David Gardner’s “The Next Amazon.com” Stock

Motley Fool Rule Breakers teases: "Why this may be our second chance at banking an e-commerce fortune..."

Newer versions of the ad hint that "This 37-Year-Old CEO Is Betting $782,000,000 on 1 Stock"

By Travis Johnson, Stock Gumshoe, September 1, 2017

This article was originally published on January 12, 2017. I have updated my disclosures and the Irregulars Quick Take, and added some comments and number updates to update my thoughts on the stock, but many of the quotes are from the earlier version of the ad and not everything has been updated. The company being touted, Shopify, was just under $50 a share when this article first appeared, it is currently in the $110 neighborhood.

The Motley Fool has another sales pitch for their Rule Breakers newsletter service that has led a few readers to send questions our way, so it’s time for us to fire up the ol’ Thinkolator and see what it is that they’re hinting at.

Rule Breakers is the growth-focused “entry level” newsletter from the Motley Fool these days — as they’ve focused more on recruiting members for their hugely expensive Supernova and Motley Fool One and asset management and “get everything” products, most of what used to be their more exclusive newsletters (Hidden Gems, Rule Breakers, etc.) have drifted down in price to that key $49ish level where they can bring in new “never subscribed to anything before” customers (who then become the best candidates for their “upgrade to our better stuff” pitch in the months following their signup).

That’s what all publishers do, but it’s good to keep it in mind — in the Motley Fool’s case, the basic strategy seems to be that they do all the stock recommendations and analysis in the newsletters, and then do all the real portfolio allocation advice and more hands-on “service” in the pricier memberships. So at least they’re not pitching you a “secret” stock for this $49 service and then pitching a second “even more secret” stock for the $5,000 service the day after you sign up.

But most of you don’t care about that — what you’re wondering, I gather, is “what’s the stock?” Let’s look into some clues from the ad so we can get you an answer. First, the big picture promise of future riches:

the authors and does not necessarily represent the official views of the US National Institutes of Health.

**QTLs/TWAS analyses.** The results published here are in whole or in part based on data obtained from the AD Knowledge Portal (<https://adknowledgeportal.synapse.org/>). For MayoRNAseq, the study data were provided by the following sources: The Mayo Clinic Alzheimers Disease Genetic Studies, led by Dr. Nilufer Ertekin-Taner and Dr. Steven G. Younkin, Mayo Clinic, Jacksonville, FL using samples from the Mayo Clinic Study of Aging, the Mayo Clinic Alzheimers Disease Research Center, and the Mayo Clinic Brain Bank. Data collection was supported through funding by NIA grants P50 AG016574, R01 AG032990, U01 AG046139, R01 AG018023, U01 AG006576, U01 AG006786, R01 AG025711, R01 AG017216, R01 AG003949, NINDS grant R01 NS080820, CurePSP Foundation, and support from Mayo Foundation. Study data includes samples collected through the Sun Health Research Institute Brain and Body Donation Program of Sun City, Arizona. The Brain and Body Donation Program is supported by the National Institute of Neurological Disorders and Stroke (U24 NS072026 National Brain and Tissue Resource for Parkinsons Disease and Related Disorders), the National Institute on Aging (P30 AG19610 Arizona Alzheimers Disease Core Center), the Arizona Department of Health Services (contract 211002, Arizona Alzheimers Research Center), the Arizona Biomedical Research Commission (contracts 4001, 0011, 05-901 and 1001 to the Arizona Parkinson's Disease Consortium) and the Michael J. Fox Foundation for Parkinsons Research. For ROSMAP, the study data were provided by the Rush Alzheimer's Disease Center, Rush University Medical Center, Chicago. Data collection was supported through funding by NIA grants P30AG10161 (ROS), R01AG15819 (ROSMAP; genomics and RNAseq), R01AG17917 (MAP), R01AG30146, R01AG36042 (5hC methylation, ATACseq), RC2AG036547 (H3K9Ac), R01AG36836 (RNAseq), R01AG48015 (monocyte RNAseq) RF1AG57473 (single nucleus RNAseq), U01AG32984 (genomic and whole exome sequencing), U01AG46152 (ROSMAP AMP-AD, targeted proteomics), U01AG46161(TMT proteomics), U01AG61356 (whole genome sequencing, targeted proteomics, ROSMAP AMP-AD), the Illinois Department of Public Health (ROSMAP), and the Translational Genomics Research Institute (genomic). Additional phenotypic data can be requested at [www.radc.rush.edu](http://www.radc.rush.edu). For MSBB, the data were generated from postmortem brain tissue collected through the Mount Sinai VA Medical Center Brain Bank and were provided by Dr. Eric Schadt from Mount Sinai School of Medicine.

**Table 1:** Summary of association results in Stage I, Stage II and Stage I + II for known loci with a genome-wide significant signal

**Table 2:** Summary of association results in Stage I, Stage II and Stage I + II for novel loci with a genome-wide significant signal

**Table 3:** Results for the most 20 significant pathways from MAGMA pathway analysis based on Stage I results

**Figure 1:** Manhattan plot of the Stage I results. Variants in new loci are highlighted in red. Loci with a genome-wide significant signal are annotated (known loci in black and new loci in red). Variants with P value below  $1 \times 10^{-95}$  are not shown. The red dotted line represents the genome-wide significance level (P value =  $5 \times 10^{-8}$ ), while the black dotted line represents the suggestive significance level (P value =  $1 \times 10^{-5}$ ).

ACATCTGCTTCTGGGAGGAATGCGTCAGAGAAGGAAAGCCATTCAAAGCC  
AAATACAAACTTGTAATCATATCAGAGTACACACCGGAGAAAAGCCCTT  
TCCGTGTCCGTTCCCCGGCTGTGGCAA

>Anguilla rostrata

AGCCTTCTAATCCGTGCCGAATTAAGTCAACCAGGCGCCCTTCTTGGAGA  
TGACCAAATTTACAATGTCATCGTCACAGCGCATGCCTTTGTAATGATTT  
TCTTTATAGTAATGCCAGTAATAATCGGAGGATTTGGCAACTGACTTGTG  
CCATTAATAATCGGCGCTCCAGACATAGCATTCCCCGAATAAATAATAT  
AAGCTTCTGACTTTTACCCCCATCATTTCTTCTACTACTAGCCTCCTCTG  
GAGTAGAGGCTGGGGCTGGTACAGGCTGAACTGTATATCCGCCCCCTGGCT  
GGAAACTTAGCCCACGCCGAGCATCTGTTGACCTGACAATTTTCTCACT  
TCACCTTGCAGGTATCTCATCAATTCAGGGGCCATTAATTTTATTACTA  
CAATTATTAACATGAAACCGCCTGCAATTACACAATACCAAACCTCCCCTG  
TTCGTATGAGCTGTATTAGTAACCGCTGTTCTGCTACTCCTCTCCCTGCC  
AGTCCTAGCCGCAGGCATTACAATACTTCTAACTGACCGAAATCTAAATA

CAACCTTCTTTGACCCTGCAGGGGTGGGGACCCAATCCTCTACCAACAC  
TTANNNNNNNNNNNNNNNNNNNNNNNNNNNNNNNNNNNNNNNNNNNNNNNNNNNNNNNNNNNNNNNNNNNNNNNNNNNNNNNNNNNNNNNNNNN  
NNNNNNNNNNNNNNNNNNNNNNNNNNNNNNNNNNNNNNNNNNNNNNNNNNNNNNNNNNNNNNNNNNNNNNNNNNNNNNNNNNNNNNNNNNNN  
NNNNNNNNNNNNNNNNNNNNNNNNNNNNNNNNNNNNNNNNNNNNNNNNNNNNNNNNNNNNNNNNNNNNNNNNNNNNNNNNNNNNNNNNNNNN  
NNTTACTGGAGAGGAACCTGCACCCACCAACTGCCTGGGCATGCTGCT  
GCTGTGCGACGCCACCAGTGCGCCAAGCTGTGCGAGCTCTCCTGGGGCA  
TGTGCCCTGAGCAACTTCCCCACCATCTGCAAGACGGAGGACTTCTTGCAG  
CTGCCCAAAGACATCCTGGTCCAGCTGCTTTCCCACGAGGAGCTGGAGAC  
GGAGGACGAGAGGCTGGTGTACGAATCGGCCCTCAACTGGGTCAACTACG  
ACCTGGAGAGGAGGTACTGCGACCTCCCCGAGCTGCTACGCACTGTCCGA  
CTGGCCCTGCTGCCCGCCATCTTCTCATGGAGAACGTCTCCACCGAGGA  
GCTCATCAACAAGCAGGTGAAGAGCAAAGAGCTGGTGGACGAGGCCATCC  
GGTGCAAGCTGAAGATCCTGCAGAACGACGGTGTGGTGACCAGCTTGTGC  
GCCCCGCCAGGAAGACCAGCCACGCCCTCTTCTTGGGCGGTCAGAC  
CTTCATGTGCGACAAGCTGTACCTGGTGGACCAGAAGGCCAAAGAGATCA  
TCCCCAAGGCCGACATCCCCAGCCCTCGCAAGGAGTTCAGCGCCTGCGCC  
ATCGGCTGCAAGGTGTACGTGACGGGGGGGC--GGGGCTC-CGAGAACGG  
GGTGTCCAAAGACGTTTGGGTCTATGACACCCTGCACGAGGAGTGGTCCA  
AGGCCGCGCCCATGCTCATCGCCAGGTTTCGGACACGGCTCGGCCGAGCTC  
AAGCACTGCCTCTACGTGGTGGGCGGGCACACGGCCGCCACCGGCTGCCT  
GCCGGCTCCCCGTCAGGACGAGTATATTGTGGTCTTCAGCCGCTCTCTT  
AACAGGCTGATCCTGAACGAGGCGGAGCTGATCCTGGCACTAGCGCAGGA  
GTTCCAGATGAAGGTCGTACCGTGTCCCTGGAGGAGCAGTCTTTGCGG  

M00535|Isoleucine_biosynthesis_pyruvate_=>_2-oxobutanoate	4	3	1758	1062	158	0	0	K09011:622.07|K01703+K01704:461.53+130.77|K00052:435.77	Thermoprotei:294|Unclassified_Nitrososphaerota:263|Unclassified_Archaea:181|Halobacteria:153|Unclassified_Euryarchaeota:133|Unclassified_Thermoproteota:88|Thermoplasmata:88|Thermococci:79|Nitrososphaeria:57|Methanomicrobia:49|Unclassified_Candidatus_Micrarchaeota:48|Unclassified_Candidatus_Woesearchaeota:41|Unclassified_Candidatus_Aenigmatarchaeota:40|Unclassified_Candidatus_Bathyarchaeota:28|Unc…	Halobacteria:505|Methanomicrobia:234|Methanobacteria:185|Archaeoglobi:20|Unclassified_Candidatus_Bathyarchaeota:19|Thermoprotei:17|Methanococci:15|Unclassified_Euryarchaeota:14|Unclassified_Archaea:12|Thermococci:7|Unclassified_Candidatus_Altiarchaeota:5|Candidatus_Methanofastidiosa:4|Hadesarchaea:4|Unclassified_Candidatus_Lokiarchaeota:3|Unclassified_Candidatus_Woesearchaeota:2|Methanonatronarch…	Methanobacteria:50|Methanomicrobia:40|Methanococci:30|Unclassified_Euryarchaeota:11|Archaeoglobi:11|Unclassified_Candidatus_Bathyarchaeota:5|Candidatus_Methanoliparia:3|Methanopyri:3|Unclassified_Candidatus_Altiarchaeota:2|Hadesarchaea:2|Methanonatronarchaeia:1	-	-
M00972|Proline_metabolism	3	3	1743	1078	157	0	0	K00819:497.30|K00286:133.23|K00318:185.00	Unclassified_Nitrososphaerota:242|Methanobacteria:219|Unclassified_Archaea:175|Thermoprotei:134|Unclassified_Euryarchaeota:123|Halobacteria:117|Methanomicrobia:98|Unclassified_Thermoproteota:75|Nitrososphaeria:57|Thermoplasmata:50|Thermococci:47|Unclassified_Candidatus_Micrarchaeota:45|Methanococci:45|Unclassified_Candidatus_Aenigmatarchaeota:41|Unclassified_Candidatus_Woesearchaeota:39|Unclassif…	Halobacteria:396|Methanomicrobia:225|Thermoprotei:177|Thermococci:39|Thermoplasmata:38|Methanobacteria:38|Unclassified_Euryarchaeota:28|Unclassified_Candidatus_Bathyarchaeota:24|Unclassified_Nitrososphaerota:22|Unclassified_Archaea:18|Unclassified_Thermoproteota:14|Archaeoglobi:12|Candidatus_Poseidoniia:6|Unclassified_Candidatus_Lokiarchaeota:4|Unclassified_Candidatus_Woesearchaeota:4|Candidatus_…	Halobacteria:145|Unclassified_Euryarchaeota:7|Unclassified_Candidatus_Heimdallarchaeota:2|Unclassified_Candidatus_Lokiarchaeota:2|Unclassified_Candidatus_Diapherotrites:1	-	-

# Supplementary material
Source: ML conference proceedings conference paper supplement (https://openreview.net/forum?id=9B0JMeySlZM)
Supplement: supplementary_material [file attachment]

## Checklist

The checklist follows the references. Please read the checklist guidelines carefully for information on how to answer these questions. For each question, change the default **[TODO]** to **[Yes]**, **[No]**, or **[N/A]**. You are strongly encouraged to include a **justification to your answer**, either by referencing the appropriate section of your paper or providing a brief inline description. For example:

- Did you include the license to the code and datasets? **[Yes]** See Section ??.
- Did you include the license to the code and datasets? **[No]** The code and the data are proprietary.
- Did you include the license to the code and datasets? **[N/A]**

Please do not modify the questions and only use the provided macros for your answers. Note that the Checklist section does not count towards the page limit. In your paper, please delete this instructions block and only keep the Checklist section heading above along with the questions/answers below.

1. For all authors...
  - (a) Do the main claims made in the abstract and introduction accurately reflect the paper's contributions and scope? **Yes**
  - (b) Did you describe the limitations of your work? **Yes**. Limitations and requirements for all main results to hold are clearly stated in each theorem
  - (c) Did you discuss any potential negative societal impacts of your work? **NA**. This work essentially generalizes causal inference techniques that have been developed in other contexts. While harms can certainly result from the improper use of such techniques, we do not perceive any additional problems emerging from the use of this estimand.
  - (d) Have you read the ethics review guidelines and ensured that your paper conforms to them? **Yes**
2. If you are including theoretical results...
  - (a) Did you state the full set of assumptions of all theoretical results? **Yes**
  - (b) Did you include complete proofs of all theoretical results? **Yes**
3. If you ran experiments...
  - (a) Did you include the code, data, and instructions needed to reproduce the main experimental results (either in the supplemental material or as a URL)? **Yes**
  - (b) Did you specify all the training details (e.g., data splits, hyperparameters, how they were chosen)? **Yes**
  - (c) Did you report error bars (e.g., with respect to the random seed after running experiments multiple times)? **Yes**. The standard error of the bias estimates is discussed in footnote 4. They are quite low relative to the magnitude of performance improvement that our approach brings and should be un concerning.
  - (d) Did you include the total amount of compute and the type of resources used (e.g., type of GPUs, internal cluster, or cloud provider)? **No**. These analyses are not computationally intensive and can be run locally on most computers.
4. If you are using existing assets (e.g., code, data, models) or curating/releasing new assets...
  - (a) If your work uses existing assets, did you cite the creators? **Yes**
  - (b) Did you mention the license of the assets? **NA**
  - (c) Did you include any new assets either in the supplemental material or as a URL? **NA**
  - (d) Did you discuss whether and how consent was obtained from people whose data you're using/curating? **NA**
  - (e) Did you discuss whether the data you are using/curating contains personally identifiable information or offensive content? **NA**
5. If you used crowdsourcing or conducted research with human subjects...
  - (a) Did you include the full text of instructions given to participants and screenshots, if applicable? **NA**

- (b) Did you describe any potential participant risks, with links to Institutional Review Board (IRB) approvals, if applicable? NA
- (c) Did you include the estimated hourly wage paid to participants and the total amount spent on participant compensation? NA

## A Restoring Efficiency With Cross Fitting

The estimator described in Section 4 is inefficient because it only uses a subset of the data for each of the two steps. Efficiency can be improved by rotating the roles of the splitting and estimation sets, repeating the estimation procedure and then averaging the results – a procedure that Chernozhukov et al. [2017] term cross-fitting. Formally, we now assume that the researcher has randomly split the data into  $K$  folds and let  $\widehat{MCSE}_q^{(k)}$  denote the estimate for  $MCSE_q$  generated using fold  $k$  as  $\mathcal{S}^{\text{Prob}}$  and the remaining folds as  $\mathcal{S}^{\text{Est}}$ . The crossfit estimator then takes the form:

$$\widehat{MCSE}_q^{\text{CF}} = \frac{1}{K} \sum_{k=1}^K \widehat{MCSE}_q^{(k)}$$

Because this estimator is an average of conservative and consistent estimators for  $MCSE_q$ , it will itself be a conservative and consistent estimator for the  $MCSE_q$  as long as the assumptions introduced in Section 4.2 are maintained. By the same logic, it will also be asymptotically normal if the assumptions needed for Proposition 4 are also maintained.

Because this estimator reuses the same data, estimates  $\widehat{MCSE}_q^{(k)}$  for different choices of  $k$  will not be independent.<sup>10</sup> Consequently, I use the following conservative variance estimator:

“Two of the smartest (and most successful) investors I’ve ever met say that buying shares of this company today could be like going back in time and snapping up Amazon.com in 1997…

“Just before it shot up over 25,000% and made investors like you and me rich beyond their wildest dreams… turning every $10,000 invested into more than $2.5 million!”

It’s true that David Gardner recommended Amazon way back when it was a fresh new company that only sold books, before the dot-com crash… and that he rode it all the way to today, making it a fantastically incredible investment.

It’s also true that they’re a little free with the “next Amazon” comparisons in the marketing department at the Motley Fool… and that, like other growth stock services, they emphasize those few huge winners that any such service always has. Most growth stocks that they tease get the “next Netflix” or “like buying Priceline at $50” or the “looks a lot like Amazon in the early days” treatment as they try to remind you of Gardner’s past successes and, perhaps, gloss over the fact that it is typically a few blowout performers that bring up the average returns for the sometimes 100 or more stocks recommended by the newsletter… so you better buy all the stocks, or somehow pick the ones that will be huge winners instead of the ones that never take off.

One of David Gardner’s more recent heavily promoted “secret” ideas was Match Group (MTCH) last Spring, and that also got the “like buying Amazon in the 1990s” comparison (the stock is doing well since that recommendation, incidentally, up about 50%).

And this one also gets the “Netflix” mention from Eric Bleeker, the analyst who actually signs the recruiting letter (the Fool, probably wisely, has gotten away from having their stars, founders Dave and Tom Gardner, sign the heavily promotional teaser letters)…